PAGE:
Fortunately, Dee found support in his online community. Dee’s followers, some of whom were closeted LGBTQ people themselves, used his video as a way to share their feelings. “When I came out online, more than 5k people shared my video and said, ‘Me too,’” he recalled. “It made me so happy. They were afraid to say they were bi or gay, so they shared my video post.”

Dee also found a supportive community in his cohort at TechCamp Mongolia. “One of the organizers at the American Embassy was also gay. We sat together and talked about LGBT communities in Mongolia and Burma,” Dee said.

However, Burma’s conservative society brought challenges to being out of the closet. Although most of his young social media followers had been accepting online, says Dee, he encountered discrimination when he returned home. “For the first three months, I was open about it. But after six months, I lost confidence,” Dee said. “I was disappointed in them for not accepting who I am. People would say, ‘this guy is bi, he’s gay. Don’t work with him.’”

One result of discrimination against LGBT people in Burma is the spread of HIV/AIDS. “People are embarrassed to go to the clinic,” explained Dee. “Most people don’t know they have chlamydia, syphilis, or another STD. People don’t talk much about sex education.”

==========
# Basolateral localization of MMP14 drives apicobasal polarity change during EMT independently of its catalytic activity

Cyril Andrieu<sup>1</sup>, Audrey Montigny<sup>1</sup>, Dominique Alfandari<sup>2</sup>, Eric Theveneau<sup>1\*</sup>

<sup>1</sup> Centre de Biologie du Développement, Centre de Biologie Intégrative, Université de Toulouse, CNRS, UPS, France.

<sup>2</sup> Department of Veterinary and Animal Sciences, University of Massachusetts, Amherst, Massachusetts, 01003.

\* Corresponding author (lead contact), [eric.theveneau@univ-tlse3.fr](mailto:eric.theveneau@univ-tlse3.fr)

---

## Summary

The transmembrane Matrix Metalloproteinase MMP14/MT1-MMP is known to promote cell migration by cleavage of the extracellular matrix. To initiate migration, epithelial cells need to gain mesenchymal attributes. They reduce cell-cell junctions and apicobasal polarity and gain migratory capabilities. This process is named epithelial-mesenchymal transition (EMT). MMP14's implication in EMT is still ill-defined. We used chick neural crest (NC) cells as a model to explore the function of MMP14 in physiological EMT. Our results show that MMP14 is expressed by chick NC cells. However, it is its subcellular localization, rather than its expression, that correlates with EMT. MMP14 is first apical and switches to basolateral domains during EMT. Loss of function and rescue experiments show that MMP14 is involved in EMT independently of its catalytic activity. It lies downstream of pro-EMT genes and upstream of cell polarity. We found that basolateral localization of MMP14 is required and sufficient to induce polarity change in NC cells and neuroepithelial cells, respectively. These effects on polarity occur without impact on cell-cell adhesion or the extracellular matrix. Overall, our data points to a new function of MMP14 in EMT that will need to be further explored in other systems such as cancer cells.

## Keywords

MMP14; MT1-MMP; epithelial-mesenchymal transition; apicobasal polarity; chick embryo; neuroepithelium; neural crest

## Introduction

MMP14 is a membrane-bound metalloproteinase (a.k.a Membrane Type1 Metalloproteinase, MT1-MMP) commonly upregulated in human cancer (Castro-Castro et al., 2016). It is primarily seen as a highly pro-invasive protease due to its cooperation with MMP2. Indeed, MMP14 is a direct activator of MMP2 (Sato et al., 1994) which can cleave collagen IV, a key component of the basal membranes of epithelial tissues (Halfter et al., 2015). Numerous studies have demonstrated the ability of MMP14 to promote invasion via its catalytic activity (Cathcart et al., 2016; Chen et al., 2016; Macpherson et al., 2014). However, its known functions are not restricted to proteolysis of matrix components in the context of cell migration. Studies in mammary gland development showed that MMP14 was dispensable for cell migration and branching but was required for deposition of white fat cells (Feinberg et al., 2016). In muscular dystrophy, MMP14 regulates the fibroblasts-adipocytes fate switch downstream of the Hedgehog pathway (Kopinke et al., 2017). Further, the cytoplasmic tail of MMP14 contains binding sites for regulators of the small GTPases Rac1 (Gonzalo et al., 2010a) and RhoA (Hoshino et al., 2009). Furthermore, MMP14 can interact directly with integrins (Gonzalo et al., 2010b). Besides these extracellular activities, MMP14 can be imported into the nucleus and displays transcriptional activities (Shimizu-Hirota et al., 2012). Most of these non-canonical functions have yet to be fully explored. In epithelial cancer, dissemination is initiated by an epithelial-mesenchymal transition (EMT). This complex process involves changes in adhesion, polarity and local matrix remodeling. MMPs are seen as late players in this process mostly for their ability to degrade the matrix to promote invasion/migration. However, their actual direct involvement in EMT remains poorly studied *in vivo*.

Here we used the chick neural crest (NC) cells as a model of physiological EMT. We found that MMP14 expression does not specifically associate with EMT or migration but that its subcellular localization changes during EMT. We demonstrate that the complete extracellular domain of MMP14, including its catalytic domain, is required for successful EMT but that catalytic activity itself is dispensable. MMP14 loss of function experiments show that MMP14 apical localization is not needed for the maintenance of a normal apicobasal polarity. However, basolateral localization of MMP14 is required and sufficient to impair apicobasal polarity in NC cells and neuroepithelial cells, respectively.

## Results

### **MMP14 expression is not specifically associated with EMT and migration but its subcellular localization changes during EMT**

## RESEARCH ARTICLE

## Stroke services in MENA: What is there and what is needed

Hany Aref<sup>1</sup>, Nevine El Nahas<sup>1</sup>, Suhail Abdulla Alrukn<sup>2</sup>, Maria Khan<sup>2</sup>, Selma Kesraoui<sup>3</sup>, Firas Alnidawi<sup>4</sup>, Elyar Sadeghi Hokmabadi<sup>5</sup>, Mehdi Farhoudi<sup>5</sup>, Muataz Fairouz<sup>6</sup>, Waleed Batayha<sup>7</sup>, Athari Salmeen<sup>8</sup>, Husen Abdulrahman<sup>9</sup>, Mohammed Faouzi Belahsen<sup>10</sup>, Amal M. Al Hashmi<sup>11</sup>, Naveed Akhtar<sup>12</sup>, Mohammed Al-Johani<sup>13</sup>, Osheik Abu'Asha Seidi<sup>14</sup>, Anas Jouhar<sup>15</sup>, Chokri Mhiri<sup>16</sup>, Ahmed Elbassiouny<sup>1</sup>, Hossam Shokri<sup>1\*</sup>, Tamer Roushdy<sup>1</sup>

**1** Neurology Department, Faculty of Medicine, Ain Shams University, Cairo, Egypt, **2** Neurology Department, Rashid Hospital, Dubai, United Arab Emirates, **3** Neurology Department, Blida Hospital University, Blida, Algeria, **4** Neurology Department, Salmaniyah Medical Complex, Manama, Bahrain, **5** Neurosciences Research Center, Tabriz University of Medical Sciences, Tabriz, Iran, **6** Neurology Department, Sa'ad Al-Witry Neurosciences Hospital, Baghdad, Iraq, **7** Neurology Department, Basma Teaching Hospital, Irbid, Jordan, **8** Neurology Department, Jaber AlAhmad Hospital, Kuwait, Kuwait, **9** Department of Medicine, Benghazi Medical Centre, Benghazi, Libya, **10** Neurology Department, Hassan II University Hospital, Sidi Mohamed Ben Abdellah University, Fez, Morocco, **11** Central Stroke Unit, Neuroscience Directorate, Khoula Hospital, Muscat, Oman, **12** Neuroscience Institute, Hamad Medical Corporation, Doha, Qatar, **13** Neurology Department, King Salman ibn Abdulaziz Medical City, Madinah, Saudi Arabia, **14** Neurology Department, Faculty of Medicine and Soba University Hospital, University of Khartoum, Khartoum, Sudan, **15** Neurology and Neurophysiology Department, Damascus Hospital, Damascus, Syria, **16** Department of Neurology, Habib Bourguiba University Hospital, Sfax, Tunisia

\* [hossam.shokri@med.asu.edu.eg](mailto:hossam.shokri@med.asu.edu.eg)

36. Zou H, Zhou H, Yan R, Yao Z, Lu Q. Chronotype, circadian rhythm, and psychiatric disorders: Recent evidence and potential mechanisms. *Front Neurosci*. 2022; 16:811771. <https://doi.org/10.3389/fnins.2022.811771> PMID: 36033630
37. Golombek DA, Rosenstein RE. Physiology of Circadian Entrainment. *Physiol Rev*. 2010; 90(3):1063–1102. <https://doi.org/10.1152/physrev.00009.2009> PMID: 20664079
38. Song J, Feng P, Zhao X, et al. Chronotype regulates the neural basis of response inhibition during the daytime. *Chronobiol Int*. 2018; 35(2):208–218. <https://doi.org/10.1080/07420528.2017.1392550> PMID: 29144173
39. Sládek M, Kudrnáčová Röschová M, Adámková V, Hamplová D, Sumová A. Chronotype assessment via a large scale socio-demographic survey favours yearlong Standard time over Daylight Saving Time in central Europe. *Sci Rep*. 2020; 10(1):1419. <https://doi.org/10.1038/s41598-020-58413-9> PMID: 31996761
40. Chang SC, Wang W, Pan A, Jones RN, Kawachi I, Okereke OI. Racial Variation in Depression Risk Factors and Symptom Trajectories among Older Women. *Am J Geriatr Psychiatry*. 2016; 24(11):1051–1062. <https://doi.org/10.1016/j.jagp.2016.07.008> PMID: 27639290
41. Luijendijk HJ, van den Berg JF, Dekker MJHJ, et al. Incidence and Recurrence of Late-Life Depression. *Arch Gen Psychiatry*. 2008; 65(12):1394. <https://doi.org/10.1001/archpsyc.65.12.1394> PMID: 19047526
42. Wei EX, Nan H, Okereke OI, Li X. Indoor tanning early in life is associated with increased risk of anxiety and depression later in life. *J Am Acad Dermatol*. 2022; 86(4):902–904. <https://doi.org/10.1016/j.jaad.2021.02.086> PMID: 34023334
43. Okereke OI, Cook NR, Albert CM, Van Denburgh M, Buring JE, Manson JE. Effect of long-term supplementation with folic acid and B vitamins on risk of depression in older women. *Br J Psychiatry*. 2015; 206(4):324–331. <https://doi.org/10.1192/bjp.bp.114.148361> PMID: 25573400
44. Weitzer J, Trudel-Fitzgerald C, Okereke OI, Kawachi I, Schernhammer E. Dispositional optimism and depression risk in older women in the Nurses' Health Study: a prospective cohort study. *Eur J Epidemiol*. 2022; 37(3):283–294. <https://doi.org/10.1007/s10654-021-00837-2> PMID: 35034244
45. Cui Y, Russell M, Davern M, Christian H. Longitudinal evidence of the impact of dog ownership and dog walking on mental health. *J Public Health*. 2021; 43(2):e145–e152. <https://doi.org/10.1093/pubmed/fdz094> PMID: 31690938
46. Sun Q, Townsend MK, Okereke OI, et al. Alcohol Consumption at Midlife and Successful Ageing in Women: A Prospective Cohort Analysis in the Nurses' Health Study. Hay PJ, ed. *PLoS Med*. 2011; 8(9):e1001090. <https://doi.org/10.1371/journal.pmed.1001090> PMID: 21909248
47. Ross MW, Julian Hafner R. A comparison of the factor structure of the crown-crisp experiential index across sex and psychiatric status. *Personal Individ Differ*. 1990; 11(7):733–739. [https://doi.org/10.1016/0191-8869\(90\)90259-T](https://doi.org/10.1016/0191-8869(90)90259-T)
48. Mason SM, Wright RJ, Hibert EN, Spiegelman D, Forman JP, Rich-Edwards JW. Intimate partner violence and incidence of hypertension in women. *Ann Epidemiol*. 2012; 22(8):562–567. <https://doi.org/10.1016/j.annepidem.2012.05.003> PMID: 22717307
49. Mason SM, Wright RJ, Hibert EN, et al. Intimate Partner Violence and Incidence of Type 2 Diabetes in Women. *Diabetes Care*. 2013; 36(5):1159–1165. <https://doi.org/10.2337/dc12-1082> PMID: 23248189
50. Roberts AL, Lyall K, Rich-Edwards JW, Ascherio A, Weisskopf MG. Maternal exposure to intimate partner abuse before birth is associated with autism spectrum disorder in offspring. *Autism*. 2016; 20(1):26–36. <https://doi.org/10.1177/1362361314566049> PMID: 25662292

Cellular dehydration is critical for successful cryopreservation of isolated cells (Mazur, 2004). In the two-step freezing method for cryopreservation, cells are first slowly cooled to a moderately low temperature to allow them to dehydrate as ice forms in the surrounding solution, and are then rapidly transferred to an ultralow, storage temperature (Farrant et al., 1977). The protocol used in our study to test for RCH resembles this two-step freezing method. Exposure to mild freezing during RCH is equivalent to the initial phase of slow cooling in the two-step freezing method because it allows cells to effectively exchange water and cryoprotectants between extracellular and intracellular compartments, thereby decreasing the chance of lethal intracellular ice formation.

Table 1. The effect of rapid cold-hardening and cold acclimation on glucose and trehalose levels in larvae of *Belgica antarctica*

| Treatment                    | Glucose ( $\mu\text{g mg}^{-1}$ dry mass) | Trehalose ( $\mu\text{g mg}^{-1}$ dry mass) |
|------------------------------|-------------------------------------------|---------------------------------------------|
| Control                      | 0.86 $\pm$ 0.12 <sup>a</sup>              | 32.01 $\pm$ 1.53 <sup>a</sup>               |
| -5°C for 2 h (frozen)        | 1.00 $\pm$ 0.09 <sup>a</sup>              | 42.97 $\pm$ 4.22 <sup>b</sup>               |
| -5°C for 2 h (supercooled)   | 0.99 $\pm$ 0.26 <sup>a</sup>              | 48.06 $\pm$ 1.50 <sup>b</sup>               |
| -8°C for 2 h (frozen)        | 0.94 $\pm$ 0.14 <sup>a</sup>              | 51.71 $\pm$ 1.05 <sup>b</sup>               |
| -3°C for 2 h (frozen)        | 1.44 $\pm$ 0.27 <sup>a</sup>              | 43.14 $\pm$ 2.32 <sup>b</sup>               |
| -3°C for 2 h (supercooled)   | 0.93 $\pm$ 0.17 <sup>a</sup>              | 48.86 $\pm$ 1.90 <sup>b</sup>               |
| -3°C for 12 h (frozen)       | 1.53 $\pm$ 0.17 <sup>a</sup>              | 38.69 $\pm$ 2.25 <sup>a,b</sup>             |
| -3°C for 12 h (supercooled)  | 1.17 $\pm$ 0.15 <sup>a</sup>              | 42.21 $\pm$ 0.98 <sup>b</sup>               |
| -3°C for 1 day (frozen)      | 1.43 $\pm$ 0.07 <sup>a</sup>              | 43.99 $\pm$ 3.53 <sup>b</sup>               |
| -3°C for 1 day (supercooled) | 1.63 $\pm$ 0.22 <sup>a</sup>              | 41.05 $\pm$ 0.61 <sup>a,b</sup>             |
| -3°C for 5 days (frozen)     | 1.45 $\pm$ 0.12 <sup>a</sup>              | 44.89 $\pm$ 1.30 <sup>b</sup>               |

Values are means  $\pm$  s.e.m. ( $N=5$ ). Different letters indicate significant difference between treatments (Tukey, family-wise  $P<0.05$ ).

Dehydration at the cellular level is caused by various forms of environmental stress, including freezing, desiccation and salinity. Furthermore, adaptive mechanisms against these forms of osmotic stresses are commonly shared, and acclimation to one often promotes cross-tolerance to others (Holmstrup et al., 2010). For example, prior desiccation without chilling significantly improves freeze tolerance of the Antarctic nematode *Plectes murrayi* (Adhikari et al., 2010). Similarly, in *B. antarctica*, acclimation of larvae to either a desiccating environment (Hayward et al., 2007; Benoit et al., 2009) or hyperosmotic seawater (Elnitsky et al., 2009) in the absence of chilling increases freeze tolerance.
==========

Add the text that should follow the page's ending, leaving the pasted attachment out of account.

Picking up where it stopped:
Recently, Dee began working with a nonprofit organization in Bangkok to promote Pre-Exposure Prophylaxis, or PrEP, a drug that can prevent HIV. Dee produces videos to increase awareness in the LGBT community of PrEP’s usage and availability. “We hope to reduce HIV cases in Burma,” he explained. “At the moment there’s many HIV cases. I have two friends who have been affected by it.”

Dee also expresses his support to fellow members of the LGBT community in Burma, especially by speaking out against stereotypical portrayals of gay characters in Burmese films. In addition, he is dedicated to promoting sex education and the use of PrEP for youth and LGBT people in Burma.

To other LGBT people in Burma, Dee says: “I wish the best for them. I hope they are happy with who they are and that they can have the freedom to express their sexuality. All I wish for is the safety and acceptance of my community in Burma.”

Fundraising for Kayah State

Even more recently, Dee has also put his efforts into fundraising for the civil war-stricken state of Kayah in Burma. The war has internally displaced over 100,000 residents into refugee camps and forest hideaways.

Dee, having seen Kayah state’s plight on social media, decided to help by leveraging his follower base to raise funds for the cause.

“I connected with an NGO from Thailand that was supposed to help the refugees,” Dee said. “But they were very slow.” Due to bureaucratic slowdowns, the NGO wouldn’t be able to send help for at least two weeks— too long for the displaced residents.

Dee decided to take matters into his own hands. In two weeks, he raised over $60,000 U.S. Dollars and used the funds to buy food and supplies for over 15,000 women, children, and elders.